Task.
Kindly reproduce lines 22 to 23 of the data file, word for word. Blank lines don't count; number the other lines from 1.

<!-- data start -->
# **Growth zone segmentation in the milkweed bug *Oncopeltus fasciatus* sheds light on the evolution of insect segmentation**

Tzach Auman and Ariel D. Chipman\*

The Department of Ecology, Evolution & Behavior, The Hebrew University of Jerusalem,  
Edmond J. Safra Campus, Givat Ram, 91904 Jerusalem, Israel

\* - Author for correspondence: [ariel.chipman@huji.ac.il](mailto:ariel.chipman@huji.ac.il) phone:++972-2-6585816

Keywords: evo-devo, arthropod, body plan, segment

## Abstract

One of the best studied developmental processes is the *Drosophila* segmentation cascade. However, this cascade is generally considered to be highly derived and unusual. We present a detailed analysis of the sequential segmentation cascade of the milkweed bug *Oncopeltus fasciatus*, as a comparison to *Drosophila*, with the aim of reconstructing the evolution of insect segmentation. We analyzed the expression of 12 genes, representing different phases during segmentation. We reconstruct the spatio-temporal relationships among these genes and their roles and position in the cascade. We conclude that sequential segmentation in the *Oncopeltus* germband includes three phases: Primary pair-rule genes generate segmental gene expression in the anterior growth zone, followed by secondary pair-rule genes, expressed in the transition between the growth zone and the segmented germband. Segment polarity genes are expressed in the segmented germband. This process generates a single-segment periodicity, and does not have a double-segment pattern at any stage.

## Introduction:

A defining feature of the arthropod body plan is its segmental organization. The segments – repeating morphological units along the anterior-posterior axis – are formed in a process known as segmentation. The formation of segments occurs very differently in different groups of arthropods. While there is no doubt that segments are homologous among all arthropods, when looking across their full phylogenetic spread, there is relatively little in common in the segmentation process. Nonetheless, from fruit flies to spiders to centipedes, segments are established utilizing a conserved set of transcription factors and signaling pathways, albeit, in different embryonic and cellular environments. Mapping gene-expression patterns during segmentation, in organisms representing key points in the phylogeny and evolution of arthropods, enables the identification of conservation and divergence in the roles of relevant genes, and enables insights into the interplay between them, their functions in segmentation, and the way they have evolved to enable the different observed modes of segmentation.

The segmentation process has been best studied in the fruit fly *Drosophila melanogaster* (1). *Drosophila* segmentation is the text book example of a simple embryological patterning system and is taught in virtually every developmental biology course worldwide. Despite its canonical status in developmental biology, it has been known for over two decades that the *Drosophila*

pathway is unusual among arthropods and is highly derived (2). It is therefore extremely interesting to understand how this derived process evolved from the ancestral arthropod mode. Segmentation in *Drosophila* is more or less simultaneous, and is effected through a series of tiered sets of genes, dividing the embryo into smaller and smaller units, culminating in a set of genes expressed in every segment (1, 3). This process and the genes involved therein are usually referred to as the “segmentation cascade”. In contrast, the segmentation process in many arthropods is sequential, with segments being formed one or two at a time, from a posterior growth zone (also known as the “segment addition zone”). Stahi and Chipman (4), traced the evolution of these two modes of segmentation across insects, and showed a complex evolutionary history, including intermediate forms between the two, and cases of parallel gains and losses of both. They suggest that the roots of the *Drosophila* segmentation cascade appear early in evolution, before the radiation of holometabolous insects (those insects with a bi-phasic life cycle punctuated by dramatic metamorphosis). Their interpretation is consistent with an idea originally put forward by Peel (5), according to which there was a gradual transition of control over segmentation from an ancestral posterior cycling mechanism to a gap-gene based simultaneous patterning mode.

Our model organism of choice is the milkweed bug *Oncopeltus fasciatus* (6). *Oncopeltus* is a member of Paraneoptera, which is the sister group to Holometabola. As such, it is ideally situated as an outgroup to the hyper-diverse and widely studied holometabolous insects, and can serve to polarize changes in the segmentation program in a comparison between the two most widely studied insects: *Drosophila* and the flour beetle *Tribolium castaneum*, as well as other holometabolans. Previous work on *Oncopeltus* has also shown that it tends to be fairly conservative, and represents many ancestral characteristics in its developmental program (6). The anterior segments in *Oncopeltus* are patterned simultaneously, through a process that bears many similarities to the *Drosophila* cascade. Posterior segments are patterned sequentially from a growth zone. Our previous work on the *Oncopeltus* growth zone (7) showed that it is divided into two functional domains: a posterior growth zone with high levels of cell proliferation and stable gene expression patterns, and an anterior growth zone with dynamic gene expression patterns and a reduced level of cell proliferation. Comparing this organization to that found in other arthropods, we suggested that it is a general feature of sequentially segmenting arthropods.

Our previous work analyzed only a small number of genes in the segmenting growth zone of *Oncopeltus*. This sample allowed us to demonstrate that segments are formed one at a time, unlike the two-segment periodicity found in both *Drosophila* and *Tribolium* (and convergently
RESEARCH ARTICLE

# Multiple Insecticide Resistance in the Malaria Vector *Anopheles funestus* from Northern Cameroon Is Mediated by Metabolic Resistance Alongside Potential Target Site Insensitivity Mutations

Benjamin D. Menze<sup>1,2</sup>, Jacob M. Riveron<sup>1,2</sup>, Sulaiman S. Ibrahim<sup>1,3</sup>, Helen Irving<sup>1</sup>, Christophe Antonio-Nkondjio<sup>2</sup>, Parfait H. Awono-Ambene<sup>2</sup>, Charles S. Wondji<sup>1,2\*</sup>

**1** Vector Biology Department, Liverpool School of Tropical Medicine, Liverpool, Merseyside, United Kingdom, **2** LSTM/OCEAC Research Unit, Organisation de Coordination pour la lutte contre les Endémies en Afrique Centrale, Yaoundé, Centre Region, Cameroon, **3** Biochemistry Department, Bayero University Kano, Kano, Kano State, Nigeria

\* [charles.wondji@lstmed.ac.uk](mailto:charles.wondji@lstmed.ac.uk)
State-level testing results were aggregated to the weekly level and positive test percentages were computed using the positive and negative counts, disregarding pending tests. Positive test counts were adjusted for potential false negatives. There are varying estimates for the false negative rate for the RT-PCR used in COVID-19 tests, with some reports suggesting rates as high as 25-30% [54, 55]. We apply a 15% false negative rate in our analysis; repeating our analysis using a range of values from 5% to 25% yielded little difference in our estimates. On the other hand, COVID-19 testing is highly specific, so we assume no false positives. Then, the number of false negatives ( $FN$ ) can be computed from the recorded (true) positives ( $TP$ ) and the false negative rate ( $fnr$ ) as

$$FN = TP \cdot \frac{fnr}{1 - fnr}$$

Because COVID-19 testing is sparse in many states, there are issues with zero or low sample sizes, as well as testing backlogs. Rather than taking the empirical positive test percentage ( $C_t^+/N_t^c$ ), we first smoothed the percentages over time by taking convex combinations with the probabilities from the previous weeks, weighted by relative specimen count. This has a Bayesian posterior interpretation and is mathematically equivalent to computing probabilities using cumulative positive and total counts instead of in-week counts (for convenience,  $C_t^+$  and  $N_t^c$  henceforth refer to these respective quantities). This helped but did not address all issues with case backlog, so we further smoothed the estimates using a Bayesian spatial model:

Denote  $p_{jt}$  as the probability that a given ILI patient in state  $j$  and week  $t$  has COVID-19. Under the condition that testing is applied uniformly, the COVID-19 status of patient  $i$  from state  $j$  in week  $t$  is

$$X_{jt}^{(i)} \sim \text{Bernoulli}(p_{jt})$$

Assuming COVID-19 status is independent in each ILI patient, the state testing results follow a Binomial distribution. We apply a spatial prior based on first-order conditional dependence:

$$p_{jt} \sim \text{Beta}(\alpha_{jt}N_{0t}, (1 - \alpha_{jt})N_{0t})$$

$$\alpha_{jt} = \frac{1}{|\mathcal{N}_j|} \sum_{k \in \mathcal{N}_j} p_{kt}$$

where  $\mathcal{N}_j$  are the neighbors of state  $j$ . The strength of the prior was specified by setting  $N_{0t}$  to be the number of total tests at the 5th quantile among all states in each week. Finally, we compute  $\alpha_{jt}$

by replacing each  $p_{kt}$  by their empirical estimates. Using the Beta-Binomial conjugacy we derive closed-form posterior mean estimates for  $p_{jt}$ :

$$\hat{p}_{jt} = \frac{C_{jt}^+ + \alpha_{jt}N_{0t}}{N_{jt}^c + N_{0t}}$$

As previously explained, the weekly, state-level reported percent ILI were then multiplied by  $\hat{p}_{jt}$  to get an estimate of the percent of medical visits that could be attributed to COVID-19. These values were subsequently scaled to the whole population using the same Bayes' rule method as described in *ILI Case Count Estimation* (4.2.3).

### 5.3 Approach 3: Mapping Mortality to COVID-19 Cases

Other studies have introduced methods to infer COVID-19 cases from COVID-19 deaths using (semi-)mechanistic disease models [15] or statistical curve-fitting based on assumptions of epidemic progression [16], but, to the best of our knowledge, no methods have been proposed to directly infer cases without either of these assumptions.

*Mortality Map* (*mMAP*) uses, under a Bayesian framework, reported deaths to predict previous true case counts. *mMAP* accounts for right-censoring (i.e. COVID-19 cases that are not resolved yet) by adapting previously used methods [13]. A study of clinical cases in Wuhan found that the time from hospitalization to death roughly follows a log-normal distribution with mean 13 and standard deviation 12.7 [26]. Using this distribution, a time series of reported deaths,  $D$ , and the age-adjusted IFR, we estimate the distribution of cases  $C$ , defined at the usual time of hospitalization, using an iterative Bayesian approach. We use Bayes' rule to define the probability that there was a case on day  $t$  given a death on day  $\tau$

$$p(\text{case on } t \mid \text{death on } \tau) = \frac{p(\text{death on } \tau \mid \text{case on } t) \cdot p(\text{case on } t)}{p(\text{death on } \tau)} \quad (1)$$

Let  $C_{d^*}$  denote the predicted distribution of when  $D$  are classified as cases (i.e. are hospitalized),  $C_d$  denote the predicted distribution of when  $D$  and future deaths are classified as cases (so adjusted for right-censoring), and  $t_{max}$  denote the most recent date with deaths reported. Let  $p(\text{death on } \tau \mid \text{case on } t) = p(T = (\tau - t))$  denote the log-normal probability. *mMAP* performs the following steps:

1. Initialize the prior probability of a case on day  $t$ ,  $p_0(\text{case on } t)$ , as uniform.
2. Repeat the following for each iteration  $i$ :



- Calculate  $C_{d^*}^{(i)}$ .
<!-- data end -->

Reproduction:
Because COVID-19 testing is sparse in many states, there are issues with zero or low sample sizes, as well as testing backlogs. Rather than taking the empirical positive test percentage ( $C_t^+/N_t^c$ ), we first smoothed the percentages over time by taking convex combinations with the probabilities from the previous weeks, weighted by relative specimen count. This has a Bayesian posterior interpretation and is mathematically equivalent to computing probabilities using cumulative positive and total counts instead of in-week counts (for convenience,  $C_t^+$  and  $N_t^c$  henceforth refer to these respective quantities). This helped but did not address all issues with case backlog, so we further smoothed the estimates using a Bayesian spatial model:

Denote  $p_{jt}$  as the probability that a given ILI patient in state  $j$  and week  $t$  has COVID-19. Under the condition that testing is applied uniformly, the COVID-19 status of patient  $i$  from state  $j$  in week  $t$  is